And the trees began to scream.
Two of the Forest Rangers — Black Bark and Redleaf, Thomas thought from a quick glance — were on fire. He stared in horror at them, and then at the rest of the battlefield. The General was running toward the burning trees even as Brownie still grappled with Abigail Simian, and Captain Broadbough attempted to trap her sister, Coretta, in his branches. Still defending Thomas, though his men were burning.
That was enough.
Thomas ran toward them, screaming for them to stop. For the dying to end. He didn't even recognize his own words, only the horror in his voice. The tears had dried and all he felt now was a numbness and a void within, a void where Nathan ought to be.
He was twenty feet from the battle, from the burning trees and from his father, who was, even now, climbing the screaming trees, hacking the flaming branches away, trying to save them by amputation. Thomas saw the way the sun shone off the brown, oily peanut butter that caked his father's entire body, and he was filled with revulsion.
This was not a fantasy world.
Suddenly, and instantly, he recalled a lunch with Francesca that seemed so long ago and far away. She had said that Strangewood frightened her, in a way. Thomas had not understood. But now he looked at his father, at this mad monster with flashing sword, and he knew it.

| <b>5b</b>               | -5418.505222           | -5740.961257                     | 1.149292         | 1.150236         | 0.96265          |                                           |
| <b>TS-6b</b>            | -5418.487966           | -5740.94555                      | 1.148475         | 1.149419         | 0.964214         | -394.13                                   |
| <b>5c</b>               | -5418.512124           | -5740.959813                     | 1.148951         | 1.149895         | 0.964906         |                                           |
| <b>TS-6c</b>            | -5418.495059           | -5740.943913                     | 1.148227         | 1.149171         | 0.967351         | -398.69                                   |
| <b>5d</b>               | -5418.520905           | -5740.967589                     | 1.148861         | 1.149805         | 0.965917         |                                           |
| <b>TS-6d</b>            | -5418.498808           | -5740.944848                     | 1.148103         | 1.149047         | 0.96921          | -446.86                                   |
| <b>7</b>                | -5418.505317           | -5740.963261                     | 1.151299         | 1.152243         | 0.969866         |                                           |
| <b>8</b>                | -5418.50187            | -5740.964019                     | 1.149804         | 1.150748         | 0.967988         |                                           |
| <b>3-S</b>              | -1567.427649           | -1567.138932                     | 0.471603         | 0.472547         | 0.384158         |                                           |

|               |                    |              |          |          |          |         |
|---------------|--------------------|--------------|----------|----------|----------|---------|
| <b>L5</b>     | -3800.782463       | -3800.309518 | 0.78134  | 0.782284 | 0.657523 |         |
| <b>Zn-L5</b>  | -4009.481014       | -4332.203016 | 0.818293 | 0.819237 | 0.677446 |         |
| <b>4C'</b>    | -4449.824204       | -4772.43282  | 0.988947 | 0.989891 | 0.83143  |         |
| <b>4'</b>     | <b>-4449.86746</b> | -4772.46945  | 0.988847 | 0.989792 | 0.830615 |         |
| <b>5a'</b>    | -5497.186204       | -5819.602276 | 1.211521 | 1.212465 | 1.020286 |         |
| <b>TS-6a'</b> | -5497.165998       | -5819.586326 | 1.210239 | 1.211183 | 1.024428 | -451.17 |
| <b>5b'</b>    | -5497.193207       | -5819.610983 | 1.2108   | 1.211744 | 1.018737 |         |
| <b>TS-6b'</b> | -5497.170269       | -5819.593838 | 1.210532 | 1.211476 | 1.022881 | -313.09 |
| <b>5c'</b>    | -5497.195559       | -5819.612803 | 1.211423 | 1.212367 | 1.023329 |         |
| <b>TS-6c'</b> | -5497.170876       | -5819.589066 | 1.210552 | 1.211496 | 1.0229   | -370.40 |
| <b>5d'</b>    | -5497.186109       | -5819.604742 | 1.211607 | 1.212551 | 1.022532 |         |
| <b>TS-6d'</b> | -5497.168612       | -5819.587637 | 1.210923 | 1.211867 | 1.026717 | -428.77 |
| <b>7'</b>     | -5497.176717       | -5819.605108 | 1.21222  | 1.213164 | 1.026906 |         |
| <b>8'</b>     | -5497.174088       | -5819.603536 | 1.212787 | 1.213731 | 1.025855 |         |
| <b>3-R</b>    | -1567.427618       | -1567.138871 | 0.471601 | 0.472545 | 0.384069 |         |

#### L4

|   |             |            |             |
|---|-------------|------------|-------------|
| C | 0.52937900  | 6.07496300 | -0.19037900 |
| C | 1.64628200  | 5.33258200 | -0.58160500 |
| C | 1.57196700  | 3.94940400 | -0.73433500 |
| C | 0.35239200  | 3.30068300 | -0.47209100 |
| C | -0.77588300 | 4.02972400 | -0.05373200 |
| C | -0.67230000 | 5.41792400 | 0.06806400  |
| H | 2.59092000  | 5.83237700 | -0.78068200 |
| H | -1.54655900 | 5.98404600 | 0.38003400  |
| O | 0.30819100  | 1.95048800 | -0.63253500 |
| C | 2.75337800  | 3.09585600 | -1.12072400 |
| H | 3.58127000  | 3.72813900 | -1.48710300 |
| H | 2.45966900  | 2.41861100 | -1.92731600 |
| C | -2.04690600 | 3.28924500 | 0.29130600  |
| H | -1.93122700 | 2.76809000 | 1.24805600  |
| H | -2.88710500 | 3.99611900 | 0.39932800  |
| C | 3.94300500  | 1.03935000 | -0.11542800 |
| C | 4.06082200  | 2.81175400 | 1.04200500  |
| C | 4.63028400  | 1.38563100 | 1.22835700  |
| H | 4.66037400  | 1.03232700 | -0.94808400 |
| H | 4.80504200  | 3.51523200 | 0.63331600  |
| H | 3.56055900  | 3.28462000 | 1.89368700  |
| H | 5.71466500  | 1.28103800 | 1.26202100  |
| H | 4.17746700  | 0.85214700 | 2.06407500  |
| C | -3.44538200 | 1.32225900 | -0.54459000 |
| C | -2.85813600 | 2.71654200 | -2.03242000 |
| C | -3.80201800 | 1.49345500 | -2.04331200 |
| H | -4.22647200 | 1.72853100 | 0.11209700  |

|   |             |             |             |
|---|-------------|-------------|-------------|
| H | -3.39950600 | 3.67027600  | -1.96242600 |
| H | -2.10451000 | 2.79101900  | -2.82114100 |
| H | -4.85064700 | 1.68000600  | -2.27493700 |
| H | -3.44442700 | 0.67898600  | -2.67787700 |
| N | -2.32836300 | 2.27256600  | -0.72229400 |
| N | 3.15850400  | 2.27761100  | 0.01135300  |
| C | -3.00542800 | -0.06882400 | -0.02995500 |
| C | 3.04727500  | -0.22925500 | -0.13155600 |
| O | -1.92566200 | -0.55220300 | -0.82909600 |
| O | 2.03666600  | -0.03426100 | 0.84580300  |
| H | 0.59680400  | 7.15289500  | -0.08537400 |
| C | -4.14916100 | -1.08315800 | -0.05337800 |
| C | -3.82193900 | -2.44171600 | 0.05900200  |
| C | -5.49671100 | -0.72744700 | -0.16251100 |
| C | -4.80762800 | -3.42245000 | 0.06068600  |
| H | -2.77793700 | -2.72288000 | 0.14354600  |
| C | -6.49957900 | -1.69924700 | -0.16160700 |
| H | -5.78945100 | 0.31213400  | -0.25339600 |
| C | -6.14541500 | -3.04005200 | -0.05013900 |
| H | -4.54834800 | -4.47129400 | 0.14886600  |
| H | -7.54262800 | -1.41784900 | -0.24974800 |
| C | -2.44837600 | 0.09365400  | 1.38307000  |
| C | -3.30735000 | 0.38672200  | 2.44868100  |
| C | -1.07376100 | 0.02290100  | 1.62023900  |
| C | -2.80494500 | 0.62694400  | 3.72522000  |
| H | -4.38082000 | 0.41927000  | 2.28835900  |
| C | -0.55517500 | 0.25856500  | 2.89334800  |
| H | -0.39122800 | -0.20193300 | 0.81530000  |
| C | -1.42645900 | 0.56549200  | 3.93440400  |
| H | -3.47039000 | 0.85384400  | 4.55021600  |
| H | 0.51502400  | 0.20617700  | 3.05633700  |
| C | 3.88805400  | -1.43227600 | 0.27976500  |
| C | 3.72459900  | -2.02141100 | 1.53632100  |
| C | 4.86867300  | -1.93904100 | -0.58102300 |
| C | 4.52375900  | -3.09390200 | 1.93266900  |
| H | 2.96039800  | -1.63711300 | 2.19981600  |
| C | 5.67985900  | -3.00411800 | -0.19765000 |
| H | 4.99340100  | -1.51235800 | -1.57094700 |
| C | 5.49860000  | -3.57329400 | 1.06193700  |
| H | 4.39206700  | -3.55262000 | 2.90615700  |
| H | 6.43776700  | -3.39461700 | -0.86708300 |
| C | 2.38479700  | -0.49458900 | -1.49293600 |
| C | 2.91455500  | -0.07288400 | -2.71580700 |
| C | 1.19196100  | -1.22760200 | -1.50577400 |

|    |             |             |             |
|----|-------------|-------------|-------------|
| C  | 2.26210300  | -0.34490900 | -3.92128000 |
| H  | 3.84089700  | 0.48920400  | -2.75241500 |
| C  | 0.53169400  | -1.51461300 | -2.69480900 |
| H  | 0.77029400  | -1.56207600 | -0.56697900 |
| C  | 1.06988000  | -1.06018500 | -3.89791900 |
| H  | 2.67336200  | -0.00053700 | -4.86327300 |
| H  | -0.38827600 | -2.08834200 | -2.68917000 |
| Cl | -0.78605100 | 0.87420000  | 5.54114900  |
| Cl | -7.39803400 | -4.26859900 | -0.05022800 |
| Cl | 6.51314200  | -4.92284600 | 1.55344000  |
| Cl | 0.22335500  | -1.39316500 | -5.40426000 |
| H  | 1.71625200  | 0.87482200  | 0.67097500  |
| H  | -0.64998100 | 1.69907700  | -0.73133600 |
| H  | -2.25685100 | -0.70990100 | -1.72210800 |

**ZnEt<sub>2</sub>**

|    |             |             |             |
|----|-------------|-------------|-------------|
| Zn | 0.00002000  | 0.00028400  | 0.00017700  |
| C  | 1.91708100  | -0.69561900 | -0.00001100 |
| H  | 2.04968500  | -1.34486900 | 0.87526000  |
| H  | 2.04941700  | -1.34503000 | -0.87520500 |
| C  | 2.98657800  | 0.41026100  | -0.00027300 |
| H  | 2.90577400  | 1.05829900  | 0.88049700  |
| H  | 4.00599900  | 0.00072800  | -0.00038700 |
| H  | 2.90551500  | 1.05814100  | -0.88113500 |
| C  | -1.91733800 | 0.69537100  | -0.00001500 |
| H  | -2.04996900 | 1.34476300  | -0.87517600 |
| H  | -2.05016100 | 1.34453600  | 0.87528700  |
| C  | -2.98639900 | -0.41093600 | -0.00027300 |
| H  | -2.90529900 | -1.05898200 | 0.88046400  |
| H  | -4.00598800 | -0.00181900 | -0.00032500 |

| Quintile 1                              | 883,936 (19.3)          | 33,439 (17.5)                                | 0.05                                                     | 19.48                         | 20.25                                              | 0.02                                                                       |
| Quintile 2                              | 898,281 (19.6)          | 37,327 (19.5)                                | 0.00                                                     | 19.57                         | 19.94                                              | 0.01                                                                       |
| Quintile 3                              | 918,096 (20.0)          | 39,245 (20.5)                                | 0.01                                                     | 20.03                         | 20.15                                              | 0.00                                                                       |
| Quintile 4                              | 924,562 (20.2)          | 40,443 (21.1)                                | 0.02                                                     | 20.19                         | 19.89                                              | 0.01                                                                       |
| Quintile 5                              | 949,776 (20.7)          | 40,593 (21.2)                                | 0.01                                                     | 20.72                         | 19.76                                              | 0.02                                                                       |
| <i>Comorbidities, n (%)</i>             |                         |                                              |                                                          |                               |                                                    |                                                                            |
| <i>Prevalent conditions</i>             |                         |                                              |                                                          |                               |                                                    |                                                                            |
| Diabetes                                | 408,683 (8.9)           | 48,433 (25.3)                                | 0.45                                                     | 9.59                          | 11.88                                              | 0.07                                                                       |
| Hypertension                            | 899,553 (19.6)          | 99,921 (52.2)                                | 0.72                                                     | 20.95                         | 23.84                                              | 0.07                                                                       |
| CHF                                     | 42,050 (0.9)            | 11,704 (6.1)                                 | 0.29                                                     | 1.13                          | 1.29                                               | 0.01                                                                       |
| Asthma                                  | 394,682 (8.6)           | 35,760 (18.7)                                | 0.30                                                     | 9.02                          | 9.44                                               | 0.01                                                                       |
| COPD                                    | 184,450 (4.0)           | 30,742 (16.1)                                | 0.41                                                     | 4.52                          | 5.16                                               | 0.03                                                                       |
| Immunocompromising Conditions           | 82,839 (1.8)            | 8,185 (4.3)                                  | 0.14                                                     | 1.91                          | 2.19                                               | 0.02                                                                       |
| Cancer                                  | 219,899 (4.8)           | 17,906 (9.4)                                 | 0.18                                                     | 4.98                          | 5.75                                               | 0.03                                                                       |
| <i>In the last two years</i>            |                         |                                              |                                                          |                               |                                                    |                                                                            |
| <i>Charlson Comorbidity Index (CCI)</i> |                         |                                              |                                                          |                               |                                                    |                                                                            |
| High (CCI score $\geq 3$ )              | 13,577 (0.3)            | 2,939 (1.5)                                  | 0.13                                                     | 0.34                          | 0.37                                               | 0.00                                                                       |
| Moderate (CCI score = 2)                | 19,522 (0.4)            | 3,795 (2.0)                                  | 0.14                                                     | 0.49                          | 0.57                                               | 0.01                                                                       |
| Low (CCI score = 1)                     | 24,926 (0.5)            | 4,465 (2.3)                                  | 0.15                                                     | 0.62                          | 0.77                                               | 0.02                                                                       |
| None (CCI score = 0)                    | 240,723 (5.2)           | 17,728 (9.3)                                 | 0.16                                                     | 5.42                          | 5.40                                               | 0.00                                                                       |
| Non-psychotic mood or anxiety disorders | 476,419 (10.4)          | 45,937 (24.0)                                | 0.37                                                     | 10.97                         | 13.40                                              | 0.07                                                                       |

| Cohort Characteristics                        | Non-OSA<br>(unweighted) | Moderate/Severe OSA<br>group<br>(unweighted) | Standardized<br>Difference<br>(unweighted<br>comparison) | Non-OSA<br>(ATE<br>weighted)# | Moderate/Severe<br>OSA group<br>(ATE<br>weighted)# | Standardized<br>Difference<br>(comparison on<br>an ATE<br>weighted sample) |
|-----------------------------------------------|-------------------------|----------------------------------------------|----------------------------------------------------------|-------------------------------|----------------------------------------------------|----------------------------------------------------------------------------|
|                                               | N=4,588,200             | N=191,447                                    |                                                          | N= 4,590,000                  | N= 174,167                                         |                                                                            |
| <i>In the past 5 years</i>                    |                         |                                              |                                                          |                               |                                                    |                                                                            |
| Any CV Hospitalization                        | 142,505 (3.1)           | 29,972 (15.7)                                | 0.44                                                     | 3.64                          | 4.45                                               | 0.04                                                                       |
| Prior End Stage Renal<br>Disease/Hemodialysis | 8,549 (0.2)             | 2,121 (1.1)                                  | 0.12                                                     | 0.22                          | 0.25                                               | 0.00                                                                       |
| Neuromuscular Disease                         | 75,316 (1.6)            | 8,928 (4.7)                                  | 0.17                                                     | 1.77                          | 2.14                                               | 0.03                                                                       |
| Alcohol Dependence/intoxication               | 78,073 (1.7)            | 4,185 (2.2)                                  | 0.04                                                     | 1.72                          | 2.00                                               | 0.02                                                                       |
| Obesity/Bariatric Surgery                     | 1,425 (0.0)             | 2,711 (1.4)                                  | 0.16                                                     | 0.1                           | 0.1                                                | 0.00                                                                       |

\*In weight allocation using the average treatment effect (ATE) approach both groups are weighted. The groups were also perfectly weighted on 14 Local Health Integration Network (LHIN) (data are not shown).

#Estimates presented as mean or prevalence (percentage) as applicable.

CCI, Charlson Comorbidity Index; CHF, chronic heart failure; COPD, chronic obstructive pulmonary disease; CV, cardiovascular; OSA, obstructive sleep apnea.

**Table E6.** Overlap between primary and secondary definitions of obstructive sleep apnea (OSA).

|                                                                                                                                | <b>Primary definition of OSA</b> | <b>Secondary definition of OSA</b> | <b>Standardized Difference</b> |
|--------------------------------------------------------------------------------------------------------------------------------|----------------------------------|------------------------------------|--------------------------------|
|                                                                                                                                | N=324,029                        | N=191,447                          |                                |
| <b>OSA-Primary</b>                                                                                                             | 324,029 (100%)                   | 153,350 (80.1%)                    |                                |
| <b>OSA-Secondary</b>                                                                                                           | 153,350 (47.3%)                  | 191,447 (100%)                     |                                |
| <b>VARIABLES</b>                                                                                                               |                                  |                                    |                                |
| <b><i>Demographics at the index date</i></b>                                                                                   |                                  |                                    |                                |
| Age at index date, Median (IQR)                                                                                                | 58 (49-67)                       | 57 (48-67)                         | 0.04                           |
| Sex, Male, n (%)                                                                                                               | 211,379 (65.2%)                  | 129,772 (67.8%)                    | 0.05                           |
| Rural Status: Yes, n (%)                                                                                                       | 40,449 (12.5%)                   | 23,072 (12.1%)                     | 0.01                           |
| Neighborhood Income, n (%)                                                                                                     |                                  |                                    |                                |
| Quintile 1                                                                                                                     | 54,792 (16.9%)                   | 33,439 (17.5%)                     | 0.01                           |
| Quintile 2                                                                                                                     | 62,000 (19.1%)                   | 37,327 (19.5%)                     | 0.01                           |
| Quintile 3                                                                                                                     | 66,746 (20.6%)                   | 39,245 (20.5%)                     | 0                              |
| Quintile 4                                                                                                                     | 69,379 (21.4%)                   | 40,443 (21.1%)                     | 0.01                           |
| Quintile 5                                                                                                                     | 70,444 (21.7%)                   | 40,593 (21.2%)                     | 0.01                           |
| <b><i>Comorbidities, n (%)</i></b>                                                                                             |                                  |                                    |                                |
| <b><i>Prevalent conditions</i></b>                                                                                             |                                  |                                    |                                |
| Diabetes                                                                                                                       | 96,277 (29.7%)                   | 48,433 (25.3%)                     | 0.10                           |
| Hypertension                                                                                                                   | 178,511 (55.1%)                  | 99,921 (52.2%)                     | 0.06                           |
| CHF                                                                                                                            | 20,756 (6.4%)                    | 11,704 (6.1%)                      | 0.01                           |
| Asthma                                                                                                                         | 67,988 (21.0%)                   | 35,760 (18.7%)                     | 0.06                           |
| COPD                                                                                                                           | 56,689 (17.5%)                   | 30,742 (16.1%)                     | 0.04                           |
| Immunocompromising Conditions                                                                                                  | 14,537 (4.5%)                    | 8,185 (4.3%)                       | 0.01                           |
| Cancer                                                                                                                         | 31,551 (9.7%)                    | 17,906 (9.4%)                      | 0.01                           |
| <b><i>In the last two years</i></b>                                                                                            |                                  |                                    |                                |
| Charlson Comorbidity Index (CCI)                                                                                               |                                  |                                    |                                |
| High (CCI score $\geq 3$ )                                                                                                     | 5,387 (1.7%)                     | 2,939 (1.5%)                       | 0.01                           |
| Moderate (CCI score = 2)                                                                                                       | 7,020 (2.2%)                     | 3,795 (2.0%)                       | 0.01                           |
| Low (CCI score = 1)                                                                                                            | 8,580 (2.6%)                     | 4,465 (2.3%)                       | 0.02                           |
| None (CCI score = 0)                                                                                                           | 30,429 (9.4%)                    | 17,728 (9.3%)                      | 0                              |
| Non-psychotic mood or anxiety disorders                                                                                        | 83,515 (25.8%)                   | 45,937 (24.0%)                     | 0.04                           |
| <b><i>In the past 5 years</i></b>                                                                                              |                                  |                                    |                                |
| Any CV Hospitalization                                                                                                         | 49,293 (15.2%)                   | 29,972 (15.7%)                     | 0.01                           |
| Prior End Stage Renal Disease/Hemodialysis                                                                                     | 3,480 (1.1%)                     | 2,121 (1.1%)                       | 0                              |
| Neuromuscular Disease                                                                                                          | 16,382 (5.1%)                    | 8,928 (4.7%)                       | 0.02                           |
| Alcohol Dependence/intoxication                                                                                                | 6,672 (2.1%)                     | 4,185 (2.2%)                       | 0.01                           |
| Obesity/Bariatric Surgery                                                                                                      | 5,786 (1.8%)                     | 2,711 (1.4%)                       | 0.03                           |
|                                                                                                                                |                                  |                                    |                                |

He knew that fear.
From above him came a mad cackling comprised of the cawing of a bird and the laughter of a vicious creature. They were one and the same. Barry Crow sailed above him on wings black as night, taking the rays of the sun and turning them away with disdain. Another creature Thomas had thought of as a friend, as good, who had turned to the Jackal Lantern's savagery when the moment of truth had arrived.
As to the fate of Dave Crow, Barry's brother, who had warned him, Thomas had no knowledge. Nor had he hope.
Barry held a long rope in his talons and water dripped from it. It had been soaked. But at the end of the rope was tied a blazing torch, wrapped in woolen rags. It was a massive thing, an improbably large ball of fire. And now, as Thomas stared, he knew how Black Bark and Redleaf had been caught on fire.
The crow swooped lower, about to drag that blazing torch through the upper branches of Captain Broadbough.